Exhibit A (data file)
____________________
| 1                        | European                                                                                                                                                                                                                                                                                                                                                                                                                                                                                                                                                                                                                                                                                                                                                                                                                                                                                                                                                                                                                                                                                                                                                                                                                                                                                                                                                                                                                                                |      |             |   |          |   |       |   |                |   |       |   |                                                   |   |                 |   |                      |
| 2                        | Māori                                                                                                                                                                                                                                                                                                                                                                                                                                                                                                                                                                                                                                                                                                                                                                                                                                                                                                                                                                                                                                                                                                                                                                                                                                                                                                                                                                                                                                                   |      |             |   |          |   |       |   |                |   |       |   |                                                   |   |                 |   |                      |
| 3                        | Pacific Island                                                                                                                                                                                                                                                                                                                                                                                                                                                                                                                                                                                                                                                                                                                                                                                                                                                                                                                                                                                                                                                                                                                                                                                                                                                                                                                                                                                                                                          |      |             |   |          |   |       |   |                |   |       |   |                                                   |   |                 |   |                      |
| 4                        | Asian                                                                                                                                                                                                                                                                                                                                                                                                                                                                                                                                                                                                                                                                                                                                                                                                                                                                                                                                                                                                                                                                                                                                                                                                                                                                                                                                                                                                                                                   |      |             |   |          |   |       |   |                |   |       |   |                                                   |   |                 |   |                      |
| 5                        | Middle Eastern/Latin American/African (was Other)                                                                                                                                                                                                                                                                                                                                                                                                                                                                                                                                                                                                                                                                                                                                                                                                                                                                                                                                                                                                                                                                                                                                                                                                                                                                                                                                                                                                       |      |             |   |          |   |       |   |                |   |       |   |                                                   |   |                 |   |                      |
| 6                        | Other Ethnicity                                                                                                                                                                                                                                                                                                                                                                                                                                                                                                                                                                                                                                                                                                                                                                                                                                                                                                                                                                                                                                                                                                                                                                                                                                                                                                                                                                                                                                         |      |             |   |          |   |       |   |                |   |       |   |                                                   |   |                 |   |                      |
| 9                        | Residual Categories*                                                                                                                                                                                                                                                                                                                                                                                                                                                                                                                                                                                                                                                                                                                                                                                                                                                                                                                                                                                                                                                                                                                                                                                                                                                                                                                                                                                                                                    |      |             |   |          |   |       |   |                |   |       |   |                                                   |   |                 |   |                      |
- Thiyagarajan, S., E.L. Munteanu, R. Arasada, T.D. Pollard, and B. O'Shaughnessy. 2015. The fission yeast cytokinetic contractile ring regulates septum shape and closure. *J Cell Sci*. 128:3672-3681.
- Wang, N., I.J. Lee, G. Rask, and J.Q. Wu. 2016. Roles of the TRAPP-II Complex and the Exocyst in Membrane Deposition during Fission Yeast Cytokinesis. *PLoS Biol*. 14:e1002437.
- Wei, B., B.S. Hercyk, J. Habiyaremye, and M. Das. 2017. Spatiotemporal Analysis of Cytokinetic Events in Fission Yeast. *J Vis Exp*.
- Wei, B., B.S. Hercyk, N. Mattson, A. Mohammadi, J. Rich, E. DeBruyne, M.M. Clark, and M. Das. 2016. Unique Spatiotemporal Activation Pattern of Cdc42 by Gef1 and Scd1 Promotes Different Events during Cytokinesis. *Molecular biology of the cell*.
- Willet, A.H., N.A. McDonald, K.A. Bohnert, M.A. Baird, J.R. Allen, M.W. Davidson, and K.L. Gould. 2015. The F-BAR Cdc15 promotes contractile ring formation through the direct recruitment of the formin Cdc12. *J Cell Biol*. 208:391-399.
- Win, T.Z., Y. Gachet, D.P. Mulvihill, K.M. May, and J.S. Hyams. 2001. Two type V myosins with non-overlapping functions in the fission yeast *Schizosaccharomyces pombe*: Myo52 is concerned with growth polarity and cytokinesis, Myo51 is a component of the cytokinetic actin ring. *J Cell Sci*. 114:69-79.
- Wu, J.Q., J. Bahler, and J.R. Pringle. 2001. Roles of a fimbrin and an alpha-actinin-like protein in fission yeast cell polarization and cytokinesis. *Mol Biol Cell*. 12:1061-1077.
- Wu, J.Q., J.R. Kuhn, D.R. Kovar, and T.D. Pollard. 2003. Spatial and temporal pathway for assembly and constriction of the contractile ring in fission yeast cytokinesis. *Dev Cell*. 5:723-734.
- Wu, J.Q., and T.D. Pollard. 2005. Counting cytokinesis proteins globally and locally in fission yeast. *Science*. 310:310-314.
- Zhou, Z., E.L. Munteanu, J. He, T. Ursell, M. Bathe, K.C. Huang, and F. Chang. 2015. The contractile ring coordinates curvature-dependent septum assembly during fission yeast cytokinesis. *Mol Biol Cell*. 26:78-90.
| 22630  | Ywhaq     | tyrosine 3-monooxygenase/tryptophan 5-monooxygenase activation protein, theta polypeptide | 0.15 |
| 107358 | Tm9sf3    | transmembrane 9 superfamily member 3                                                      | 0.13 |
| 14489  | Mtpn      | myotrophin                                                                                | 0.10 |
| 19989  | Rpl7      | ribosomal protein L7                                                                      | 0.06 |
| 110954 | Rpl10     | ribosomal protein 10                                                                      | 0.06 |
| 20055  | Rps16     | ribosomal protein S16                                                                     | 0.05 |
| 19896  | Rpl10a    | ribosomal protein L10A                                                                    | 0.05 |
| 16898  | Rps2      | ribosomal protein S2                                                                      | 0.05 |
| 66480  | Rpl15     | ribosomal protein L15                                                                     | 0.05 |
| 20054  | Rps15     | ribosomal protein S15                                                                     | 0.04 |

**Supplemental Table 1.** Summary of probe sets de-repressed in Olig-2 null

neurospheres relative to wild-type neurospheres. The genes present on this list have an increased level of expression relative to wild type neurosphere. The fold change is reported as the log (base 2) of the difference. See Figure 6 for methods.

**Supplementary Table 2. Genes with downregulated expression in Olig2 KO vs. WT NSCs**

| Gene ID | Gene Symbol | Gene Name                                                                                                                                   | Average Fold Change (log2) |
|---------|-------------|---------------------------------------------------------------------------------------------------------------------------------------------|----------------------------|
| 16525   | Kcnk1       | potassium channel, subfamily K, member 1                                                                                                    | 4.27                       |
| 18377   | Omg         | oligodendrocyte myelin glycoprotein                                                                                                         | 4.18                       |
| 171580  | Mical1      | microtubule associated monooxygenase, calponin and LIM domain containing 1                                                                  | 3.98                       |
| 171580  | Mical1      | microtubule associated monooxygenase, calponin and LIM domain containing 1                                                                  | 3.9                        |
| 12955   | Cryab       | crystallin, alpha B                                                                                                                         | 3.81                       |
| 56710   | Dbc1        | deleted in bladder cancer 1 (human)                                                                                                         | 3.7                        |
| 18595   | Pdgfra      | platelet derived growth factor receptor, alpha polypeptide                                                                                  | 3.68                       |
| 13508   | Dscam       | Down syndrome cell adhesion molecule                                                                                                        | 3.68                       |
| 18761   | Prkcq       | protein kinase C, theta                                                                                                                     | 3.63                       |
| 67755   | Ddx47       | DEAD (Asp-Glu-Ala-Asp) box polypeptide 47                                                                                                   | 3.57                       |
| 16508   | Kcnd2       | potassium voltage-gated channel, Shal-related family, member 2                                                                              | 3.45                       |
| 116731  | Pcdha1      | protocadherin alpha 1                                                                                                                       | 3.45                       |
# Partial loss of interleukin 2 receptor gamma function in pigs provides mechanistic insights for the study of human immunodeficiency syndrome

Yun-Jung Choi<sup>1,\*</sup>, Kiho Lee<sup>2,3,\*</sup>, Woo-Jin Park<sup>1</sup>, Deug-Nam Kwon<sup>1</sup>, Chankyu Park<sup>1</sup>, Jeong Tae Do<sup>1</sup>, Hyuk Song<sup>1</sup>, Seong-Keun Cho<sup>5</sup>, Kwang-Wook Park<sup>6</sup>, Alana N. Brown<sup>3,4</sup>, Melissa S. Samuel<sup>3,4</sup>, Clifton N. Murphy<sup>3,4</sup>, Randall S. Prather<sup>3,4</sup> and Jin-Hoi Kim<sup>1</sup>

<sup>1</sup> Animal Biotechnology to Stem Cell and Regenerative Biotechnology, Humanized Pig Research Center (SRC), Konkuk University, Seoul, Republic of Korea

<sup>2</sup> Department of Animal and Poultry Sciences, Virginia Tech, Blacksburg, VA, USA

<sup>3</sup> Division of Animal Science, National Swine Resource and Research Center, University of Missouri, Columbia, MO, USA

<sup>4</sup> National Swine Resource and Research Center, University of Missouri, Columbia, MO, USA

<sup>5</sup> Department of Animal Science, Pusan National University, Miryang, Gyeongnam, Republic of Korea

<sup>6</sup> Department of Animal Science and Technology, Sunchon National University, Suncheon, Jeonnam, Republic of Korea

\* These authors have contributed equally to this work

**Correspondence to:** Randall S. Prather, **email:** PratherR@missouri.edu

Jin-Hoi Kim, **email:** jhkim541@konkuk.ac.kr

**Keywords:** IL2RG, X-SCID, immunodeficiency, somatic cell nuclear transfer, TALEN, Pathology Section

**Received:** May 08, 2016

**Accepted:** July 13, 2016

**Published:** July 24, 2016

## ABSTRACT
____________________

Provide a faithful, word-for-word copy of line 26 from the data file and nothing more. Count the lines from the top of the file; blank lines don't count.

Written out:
| 66480  | Rpl15     | ribosomal protein L15                                                                     | 0.05 |